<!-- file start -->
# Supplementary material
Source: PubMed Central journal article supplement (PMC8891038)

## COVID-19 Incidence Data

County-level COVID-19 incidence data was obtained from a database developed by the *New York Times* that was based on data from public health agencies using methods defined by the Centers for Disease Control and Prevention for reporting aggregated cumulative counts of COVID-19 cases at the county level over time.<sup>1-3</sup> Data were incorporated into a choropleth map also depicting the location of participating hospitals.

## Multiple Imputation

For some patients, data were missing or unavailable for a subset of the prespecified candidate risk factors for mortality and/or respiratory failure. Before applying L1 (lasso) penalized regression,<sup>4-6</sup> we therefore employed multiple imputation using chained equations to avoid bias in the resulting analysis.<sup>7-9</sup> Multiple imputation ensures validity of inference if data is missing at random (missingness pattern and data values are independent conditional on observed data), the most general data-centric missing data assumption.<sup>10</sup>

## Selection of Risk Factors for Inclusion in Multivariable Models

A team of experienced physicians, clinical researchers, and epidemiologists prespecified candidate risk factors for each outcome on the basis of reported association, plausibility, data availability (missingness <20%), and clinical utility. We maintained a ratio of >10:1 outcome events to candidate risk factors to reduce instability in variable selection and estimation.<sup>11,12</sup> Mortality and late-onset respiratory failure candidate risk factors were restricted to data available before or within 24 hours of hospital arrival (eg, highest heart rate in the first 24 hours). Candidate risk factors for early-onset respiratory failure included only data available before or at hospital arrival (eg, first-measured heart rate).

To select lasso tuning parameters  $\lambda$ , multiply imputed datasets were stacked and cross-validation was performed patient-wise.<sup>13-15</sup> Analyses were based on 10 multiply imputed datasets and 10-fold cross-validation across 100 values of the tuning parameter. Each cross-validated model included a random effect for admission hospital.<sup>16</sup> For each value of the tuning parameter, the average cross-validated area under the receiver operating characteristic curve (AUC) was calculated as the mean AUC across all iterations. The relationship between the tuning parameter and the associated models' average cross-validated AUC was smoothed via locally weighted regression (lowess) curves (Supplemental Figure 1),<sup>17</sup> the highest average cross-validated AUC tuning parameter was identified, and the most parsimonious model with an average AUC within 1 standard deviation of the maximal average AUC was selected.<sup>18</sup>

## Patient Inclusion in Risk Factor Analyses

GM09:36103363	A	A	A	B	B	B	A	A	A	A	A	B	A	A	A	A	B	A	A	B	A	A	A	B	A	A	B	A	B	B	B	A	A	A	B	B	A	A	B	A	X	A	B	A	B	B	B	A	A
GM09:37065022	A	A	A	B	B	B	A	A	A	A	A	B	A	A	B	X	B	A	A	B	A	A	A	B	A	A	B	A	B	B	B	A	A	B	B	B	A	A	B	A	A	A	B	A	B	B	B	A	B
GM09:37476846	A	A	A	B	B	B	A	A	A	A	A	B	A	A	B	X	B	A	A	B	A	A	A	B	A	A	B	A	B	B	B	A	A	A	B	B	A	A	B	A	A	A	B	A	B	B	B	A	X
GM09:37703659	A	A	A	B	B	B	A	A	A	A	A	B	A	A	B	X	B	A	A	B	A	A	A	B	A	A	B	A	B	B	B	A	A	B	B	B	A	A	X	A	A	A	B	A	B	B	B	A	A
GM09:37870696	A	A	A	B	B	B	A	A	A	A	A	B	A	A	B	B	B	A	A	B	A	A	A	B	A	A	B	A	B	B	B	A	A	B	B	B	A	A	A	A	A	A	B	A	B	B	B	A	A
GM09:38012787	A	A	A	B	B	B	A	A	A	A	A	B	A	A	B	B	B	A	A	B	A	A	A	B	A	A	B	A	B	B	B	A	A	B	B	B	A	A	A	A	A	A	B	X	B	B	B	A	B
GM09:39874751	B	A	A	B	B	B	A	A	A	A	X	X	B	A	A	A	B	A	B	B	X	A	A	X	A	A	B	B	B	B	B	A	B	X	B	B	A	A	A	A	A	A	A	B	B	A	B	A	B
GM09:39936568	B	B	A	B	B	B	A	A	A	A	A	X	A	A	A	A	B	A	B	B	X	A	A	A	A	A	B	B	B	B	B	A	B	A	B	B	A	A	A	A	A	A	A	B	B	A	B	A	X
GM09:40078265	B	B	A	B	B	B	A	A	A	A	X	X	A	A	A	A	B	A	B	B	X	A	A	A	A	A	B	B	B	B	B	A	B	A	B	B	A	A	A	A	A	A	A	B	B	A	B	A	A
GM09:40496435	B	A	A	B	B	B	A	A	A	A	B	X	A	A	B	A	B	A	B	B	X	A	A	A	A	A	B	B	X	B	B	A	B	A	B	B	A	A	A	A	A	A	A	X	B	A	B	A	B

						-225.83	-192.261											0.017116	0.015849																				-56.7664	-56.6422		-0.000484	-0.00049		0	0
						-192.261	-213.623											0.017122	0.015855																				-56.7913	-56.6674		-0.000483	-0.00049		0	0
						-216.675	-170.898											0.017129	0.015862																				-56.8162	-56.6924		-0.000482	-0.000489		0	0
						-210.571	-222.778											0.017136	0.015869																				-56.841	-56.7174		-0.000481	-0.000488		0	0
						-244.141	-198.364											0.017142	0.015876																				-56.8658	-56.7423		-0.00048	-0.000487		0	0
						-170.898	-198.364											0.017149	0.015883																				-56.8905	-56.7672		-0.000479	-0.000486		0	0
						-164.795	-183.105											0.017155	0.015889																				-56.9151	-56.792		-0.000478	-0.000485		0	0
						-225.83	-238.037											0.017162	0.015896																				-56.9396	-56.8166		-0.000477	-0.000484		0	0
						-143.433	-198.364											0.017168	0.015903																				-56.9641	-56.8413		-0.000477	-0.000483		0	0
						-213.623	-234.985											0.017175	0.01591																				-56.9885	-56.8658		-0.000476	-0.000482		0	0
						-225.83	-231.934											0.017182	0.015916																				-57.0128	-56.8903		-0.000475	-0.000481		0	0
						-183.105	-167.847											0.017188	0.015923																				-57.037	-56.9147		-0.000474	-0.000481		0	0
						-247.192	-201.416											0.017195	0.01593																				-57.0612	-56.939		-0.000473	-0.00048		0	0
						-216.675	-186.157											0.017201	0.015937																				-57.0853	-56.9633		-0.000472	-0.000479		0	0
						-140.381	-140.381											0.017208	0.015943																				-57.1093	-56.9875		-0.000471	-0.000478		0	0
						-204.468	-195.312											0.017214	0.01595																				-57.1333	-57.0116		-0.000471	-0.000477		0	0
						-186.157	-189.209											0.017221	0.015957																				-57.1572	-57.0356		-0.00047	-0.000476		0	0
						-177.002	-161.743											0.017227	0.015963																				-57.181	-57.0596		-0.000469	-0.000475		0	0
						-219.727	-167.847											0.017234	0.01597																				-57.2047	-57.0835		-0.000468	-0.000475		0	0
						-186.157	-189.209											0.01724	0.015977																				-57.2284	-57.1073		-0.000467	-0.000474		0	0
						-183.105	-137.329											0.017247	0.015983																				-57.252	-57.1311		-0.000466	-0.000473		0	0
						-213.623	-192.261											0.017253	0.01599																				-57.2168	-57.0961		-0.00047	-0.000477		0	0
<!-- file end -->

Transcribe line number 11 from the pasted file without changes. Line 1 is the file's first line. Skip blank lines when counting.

GM09:36103363	A	A	A	B	B	B	A	A	A	A	A	B	A	A	A	A	B	A	A	B	A	A	A	B	A	A	B	A	B	B	B	A	A	A	B	B	A	A	B	A	X	A	B	A	B	B	B	A	A